Many people are being redirected to other polling stations where their names are supposed to appear.
This has caused a lot of anxiety, with many voters fearing they will not be able to cast their ballots before polling stations close.
But election officials say the voting time will be extended for people already in queues.
I started my day at the Kabondo commune polling centre, where hundreds of voters were milling around two hours before polls opened. In the darkness, they were all flashing their torches on their voting cards.
I could not see much, but as day broke a clearer picture of Kisangani emerged.
Women had their make-up on and hair well styled and I wondered just how they did it, with Sunday night's unusually long power outage.
Armed with stools or plastic chairs they waited patiently in the long queue that was growing fast.
The men were also smartly dressed, with gold and silver chains hanging around their necks.
They looked more like they were going to a rumba concert than to vote.
As the polling stations opened and the numbers increased, confusion reigned.
Election commission officials had a hard time explaining to impatient voters why their names were not on the voters' roll.
"I was here at 5am and now they are telling me to move to another polling centre about 20km away. Who will pay for my transport?" Jasper Mulungi protested.
At polling centre 22 at Kabondo, some 7,000 voters are expected to cast their vote.
By mid-morning the ballot box for MPs to the National Assembly was almost full and not even half of the voters had cast their votes.
"We are not sure they [election officials] have enough boxes because they will fill up very soon. The ballot paper is so large," Alphonse Bahai said.
About 200 candidates are competing for five parliamentary seats. As a result, the ballot paper is nine pages long.
Laeila Ajovi, Bukavu
From the early hours of the morning, long queues formed in front of the primary school in Nguba, a small neighbourhood of Bukavu, the capital of the eastern province of South Kivu, where rival militias have caused mayhem over the years.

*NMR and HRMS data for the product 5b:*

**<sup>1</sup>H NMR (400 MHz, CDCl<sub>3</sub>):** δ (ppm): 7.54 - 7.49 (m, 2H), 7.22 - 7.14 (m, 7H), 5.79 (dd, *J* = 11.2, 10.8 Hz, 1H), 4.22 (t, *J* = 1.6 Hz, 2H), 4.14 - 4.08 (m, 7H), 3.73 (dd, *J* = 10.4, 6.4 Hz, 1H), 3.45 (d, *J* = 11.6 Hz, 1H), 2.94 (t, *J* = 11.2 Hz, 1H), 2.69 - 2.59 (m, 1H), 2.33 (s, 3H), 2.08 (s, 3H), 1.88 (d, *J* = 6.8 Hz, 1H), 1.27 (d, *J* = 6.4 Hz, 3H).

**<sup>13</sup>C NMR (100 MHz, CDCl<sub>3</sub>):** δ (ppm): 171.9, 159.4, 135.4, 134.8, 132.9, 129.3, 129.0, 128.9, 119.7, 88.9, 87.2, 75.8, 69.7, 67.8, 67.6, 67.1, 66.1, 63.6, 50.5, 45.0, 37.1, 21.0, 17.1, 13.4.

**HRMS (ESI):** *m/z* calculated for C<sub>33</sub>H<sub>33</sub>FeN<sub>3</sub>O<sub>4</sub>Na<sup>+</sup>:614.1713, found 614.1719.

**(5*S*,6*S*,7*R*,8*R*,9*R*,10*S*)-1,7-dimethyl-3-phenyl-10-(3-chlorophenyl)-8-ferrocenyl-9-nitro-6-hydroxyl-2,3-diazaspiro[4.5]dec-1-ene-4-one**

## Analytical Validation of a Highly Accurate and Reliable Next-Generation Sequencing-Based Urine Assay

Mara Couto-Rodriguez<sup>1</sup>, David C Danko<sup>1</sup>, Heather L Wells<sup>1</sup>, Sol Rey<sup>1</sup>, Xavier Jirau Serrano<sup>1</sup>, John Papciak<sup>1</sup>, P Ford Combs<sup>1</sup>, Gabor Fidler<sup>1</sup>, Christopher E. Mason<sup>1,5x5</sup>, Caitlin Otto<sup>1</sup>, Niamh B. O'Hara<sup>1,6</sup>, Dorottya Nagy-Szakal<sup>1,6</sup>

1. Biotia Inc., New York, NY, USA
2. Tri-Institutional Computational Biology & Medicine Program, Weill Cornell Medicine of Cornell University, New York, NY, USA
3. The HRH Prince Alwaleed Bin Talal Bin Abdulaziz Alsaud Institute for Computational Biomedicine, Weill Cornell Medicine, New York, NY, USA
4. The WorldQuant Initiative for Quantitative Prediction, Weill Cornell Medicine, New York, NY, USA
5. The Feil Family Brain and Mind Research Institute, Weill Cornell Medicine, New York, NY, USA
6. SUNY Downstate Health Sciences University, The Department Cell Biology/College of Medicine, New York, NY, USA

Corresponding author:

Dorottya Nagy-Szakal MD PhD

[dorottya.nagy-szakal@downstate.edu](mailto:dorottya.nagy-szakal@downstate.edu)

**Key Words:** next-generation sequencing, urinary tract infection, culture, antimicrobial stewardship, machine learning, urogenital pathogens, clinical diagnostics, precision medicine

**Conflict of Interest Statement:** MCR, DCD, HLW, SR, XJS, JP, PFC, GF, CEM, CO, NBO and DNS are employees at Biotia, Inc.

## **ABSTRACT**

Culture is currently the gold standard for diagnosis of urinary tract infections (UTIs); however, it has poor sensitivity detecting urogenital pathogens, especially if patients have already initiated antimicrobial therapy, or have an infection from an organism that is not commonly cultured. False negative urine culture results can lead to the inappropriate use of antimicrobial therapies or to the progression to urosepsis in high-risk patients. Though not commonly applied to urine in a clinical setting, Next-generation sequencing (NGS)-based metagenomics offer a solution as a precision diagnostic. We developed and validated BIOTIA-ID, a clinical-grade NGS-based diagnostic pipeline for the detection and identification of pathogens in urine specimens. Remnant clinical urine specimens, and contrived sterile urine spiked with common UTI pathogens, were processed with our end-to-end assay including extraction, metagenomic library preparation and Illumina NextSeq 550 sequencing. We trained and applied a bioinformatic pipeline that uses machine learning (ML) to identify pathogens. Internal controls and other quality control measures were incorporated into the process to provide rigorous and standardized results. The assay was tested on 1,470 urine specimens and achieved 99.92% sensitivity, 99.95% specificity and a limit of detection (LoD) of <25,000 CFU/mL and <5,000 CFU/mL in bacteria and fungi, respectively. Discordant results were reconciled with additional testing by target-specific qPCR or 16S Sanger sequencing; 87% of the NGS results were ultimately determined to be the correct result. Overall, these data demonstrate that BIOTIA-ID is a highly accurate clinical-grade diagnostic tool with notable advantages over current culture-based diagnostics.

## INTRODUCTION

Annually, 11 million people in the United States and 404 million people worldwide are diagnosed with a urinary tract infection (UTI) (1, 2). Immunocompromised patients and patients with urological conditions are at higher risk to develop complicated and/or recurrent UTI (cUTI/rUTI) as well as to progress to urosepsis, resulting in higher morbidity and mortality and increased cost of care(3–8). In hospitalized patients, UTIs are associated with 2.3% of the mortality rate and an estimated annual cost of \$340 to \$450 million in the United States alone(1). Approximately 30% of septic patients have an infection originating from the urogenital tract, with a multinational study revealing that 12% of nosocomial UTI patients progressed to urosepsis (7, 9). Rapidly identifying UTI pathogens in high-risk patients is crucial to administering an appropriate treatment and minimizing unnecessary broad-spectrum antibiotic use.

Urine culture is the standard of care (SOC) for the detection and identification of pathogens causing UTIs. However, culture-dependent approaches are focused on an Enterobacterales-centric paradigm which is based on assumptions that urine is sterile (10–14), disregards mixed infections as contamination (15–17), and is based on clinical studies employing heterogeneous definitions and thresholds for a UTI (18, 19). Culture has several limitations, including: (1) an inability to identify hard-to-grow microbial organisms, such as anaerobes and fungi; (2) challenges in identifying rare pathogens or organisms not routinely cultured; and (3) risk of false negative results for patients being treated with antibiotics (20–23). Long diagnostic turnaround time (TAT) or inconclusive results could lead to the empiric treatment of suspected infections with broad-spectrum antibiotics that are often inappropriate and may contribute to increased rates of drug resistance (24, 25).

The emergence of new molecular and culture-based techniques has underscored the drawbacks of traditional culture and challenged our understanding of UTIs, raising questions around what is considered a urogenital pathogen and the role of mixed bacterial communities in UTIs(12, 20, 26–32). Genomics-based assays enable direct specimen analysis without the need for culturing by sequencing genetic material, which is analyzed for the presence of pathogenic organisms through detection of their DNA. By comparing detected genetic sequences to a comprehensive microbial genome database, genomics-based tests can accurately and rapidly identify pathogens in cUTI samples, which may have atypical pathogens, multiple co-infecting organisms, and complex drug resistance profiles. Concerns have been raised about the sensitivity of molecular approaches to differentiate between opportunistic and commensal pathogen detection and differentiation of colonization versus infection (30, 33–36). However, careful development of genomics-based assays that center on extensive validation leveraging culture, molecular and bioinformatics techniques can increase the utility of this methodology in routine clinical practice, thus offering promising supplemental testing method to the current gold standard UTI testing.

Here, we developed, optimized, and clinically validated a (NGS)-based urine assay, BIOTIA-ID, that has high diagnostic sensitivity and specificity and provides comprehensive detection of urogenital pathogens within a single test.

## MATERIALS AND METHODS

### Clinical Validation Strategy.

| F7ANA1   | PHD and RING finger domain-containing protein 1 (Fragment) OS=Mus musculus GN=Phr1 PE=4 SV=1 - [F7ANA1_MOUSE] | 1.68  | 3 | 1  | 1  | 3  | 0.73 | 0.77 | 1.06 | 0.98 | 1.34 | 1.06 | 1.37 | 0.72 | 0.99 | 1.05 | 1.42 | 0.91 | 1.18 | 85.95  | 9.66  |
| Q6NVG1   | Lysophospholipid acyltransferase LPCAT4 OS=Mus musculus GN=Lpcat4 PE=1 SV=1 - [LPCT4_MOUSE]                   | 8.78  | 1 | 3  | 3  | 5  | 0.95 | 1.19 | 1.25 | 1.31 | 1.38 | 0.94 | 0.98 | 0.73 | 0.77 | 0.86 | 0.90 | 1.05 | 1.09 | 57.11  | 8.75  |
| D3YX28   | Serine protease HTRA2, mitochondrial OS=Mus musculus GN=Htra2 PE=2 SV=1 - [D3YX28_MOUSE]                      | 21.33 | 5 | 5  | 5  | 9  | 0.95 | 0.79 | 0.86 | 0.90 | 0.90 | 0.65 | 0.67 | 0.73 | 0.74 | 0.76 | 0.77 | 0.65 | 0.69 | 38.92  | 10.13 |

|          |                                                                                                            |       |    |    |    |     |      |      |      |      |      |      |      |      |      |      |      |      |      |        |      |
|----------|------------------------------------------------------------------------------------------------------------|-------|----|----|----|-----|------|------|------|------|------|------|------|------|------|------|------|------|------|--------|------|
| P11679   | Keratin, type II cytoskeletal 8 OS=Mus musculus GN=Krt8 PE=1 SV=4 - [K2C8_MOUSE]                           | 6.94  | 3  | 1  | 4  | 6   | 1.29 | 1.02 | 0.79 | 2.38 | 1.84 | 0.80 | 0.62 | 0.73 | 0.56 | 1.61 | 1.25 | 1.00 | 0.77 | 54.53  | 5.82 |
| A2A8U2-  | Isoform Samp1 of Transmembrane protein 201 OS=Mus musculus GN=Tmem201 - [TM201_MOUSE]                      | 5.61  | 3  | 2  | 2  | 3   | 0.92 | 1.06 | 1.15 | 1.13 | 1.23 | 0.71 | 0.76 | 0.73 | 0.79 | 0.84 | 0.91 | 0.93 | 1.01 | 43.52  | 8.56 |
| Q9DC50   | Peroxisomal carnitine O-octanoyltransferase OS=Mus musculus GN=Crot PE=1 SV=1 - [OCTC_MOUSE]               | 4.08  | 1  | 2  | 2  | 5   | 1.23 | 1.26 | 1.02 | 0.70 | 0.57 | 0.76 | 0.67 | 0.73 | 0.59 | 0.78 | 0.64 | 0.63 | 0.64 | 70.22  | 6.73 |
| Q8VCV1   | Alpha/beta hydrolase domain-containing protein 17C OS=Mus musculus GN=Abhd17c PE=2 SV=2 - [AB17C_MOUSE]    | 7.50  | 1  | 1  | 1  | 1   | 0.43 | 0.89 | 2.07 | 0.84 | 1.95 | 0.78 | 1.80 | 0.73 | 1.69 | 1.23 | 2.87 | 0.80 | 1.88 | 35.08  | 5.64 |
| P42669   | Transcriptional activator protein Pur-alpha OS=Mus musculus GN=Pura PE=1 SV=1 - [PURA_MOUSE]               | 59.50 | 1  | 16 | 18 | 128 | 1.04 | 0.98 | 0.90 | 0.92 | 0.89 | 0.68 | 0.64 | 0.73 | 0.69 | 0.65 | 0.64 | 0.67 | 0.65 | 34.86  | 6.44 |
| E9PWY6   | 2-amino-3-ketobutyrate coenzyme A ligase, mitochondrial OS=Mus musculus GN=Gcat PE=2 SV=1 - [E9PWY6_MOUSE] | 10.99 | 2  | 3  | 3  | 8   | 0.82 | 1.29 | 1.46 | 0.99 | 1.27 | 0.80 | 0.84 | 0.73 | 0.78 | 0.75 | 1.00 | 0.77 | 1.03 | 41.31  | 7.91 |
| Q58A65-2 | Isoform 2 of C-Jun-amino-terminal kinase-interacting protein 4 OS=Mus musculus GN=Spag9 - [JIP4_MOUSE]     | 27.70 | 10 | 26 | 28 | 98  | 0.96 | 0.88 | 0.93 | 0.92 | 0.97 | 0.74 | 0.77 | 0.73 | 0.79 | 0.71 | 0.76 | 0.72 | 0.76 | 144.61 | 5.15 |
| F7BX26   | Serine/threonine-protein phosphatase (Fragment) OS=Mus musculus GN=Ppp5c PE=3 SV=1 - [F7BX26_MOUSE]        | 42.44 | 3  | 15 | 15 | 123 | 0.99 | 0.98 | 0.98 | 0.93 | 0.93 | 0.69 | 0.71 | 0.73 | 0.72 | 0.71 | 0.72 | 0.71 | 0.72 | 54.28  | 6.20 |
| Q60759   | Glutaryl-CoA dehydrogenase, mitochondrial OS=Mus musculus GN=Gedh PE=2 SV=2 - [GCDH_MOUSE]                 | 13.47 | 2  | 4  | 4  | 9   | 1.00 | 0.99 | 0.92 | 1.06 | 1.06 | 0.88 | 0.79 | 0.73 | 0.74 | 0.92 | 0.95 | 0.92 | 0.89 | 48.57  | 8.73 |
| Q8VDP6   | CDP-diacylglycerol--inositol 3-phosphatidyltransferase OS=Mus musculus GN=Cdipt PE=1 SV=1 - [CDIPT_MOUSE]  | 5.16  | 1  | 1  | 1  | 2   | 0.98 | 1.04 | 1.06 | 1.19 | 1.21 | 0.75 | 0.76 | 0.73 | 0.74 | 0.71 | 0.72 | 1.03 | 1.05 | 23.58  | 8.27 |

At the school, voting started an hour late because too many party agents had come to monitor the polls.
Some of them had to be cleared from classrooms before voting could start.
The elderly cast their ballots first.
The vote was extended to people who were not on the voters' roll, provided they were in possession of electoral cards. They were registered on a complementary voters' roll.
In the nearby polling station in the college of Alfajiri, the queues were also long, showing the huge turnout for this presidential and legislative elections.
To help illiterate voters, election officials designated neutral people to make sure they voted for their candidates and did not spoil their ballots.
Some voters said they had received text messages urging them "to bring their own pen" because the ones provided by officials had an ink that "disappears after half an hour" - a rumour that shows the mistrust towards electoral agents and the fear of electoral fraud.
One voter, Janvier Marume, was frustrated that he had to wait for seven hours to vote.
"In 2006, it was much better. The police officers who are supposed to regulate the lines don't really do their job," he said.
"If they know someone, they make that person go first. But that is also how it works here in Congo."
Except for the logistical difficulties, there are no problems in Bukavu.
The city is quiet, as though it is a Sunday, with most shops closed and fewer cars on the road.
The vibrant atmosphere generated by the election campaign has been replaced by a calmness only disturbed by the loud noise of lorries carrying policemen and UN peacekeepers watching over the polls.